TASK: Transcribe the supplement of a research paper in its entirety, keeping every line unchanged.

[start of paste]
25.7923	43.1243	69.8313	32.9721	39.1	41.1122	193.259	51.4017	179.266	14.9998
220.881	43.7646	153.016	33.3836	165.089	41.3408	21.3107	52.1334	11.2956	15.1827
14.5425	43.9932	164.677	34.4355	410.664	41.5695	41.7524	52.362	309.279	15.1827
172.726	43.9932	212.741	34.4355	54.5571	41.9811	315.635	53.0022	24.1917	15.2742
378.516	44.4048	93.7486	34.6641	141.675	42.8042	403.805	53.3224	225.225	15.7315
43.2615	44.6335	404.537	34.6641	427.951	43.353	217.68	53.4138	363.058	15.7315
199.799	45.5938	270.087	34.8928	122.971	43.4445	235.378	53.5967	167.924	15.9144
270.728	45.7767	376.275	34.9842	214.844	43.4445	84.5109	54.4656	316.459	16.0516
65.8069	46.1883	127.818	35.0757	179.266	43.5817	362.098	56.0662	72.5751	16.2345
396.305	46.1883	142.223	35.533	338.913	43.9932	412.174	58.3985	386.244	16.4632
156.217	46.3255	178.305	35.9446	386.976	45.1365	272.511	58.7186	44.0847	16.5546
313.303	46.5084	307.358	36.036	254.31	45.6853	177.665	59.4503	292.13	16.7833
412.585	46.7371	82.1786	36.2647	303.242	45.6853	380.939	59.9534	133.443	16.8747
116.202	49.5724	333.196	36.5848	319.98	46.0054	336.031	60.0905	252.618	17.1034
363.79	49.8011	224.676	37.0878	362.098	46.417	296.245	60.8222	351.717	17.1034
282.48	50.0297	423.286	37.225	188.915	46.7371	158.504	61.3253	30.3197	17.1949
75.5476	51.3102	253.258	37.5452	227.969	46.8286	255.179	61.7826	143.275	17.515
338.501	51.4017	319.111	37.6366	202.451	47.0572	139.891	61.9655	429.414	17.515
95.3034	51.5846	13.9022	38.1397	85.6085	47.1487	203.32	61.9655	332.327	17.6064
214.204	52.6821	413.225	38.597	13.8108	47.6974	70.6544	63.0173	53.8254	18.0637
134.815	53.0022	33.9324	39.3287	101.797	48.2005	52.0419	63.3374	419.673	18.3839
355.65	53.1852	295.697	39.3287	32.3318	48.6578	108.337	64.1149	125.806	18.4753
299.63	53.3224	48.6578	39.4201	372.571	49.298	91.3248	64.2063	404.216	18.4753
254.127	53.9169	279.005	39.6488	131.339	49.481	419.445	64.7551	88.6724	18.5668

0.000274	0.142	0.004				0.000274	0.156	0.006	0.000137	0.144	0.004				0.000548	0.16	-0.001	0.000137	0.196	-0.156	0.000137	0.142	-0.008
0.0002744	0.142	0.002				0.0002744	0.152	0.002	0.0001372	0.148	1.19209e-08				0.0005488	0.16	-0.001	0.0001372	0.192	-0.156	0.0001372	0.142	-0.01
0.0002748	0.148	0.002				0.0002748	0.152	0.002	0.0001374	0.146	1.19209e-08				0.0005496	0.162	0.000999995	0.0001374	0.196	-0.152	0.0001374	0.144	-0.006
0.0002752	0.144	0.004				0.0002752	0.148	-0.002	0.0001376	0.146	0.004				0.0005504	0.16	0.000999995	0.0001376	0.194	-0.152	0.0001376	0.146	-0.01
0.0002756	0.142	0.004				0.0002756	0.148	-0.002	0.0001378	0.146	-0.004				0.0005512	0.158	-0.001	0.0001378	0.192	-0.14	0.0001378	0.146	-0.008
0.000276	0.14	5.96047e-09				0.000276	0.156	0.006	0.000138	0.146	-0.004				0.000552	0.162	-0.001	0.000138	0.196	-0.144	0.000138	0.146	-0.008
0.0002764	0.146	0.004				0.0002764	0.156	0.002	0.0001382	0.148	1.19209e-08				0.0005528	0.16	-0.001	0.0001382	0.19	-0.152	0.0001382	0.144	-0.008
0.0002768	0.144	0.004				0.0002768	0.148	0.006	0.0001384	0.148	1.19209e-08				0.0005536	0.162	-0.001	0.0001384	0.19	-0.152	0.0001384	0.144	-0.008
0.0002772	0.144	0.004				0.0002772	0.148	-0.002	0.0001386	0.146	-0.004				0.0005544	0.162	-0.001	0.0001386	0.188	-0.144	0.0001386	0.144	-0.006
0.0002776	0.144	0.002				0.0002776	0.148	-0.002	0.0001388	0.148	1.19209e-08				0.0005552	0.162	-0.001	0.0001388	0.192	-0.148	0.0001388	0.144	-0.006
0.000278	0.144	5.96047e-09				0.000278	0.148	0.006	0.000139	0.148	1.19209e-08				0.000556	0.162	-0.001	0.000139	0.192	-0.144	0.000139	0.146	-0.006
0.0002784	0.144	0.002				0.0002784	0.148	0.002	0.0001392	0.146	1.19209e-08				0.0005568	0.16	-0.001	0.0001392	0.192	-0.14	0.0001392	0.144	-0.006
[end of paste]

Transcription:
25.7923	43.1243	69.8313	32.9721	39.1	41.1122	193.259	51.4017	179.266	14.9998
220.881	43.7646	153.016	33.3836	165.089	41.3408	21.3107	52.1334	11.2956	15.1827
14.5425	43.9932	164.677	34.4355	410.664	41.5695	41.7524	52.362	309.279	15.1827
172.726	43.9932	212.741	34.4355	54.5571	41.9811	315.635	53.0022	24.1917	15.2742
378.516	44.4048	93.7486	34.6641	141.675	42.8042	403.805	53.3224	225.225	15.7315
43.2615	44.6335	404.537	34.6641	427.951	43.353	217.68	53.4138	363.058	15.7315
199.799	45.5938	270.087	34.8928	122.971	43.4445	235.378	53.5967	167.924	15.9144
270.728	45.7767	376.275	34.9842	214.844	43.4445	84.5109	54.4656	316.459	16.0516
65.8069	46.1883	127.818	35.0757	179.266	43.5817	362.098	56.0662	72.5751	16.2345
396.305	46.1883	142.223	35.533	338.913	43.9932	412.174	58.3985	386.244	16.4632
156.217	46.3255	178.305	35.9446	386.976	45.1365	272.511	58.7186	44.0847	16.5546
313.303	46.5084	307.358	36.036	254.31	45.6853	177.665	59.4503	292.13	16.7833
412.585	46.7371	82.1786	36.2647	303.242	45.6853	380.939	59.9534	133.443	16.8747
116.202	49.5724	333.196	36.5848	319.98	46.0054	336.031	60.0905	252.618	17.1034
363.79	49.8011	224.676	37.0878	362.098	46.417	296.245	60.8222	351.717	17.1034
282.48	50.0297	423.286	37.225	188.915	46.7371	158.504	61.3253	30.3197	17.1949
75.5476	51.3102	253.258	37.5452	227.969	46.8286	255.179	61.7826	143.275	17.515
338.501	51.4017	319.111	37.6366	202.451	47.0572	139.891	61.9655	429.414	17.515
95.3034	51.5846	13.9022	38.1397	85.6085	47.1487	203.32	61.9655	332.327	17.6064
214.204	52.6821	413.225	38.597	13.8108	47.6974	70.6544	63.0173	53.8254	18.0637
134.815	53.0022	33.9324	39.3287	101.797	48.2005	52.0419	63.3374	419.673	18.3839
355.65	53.1852	295.697	39.3287	32.3318	48.6578	108.337	64.1149	125.806	18.4753
299.63	53.3224	48.6578	39.4201	372.571	49.298	91.3248	64.2063	404.216	18.4753
254.127	53.9169	279.005	39.6488	131.339	49.481	419.445	64.7551	88.6724	18.5668

0.000274	0.142	0.004				0.000274	0.156	0.006	0.000137	0.144	0.004				0.000548	0.16	-0.001	0.000137	0.196	-0.156	0.000137	0.142	-0.008
0.0002744	0.142	0.002				0.0002744	0.152	0.002	0.0001372	0.148	1.19209e-08				0.0005488	0.16	-0.001	0.0001372	0.192	-0.156	0.0001372	0.142	-0.01
0.0002748	0.148	0.002				0.0002748	0.152	0.002	0.0001374	0.146	1.19209e-08				0.0005496	0.162	0.000999995	0.0001374	0.196	-0.152	0.0001374	0.144	-0.006
0.0002752	0.144	0.004				0.0002752	0.148	-0.002	0.0001376	0.146	0.004				0.0005504	0.16	0.000999995	0.0001376	0.194	-0.152	0.0001376	0.146	-0.01
0.0002756	0.142	0.004				0.0002756	0.148	-0.002	0.0001378	0.146	-0.004				0.0005512	0.158	-0.001	0.0001378	0.192	-0.14	0.0001378	0.146	-0.008
0.000276	0.14	5.96047e-09				0.000276	0.156	0.006	0.000138	0.146	-0.004				0.000552	0.162	-0.001	0.000138	0.196	-0.144	0.000138	0.146	-0.008
0.0002764	0.146	0.004				0.0002764	0.156	0.002	0.0001382	0.148	1.19209e-08				0.0005528	0.16	-0.001	0.0001382	0.19	-0.152	0.0001382	0.144	-0.008
0.0002768	0.144	0.004				0.0002768	0.148	0.006	0.0001384	0.148	1.19209e-08				0.0005536	0.162	-0.001	0.0001384	0.19	-0.152	0.0001384	0.144	-0.008
0.0002772	0.144	0.004				0.0002772	0.148	-0.002	0.0001386	0.146	-0.004				0.0005544	0.162	-0.001	0.0001386	0.188	-0.144	0.0001386	0.144	-0.006
0.0002776	0.144	0.002				0.0002776	0.148	-0.002	0.0001388	0.148	1.19209e-08				0.0005552	0.162	-0.001	0.0001388	0.192	-0.148	0.0001388	0.144	-0.006
0.000278	0.144	5.96047e-09				0.000278	0.148	0.006	0.000139	0.148	1.19209e-08				0.000556	0.162	-0.001	0.000139	0.192	-0.144	0.000139	0.146	-0.006
0.0002784	0.144	0.002				0.0002784	0.148	0.002	0.0001392	0.146	1.19209e-08				0.0005568	0.16	-0.001	0.0001392	0.192	-0.14	0.0001392	0.144	-0.006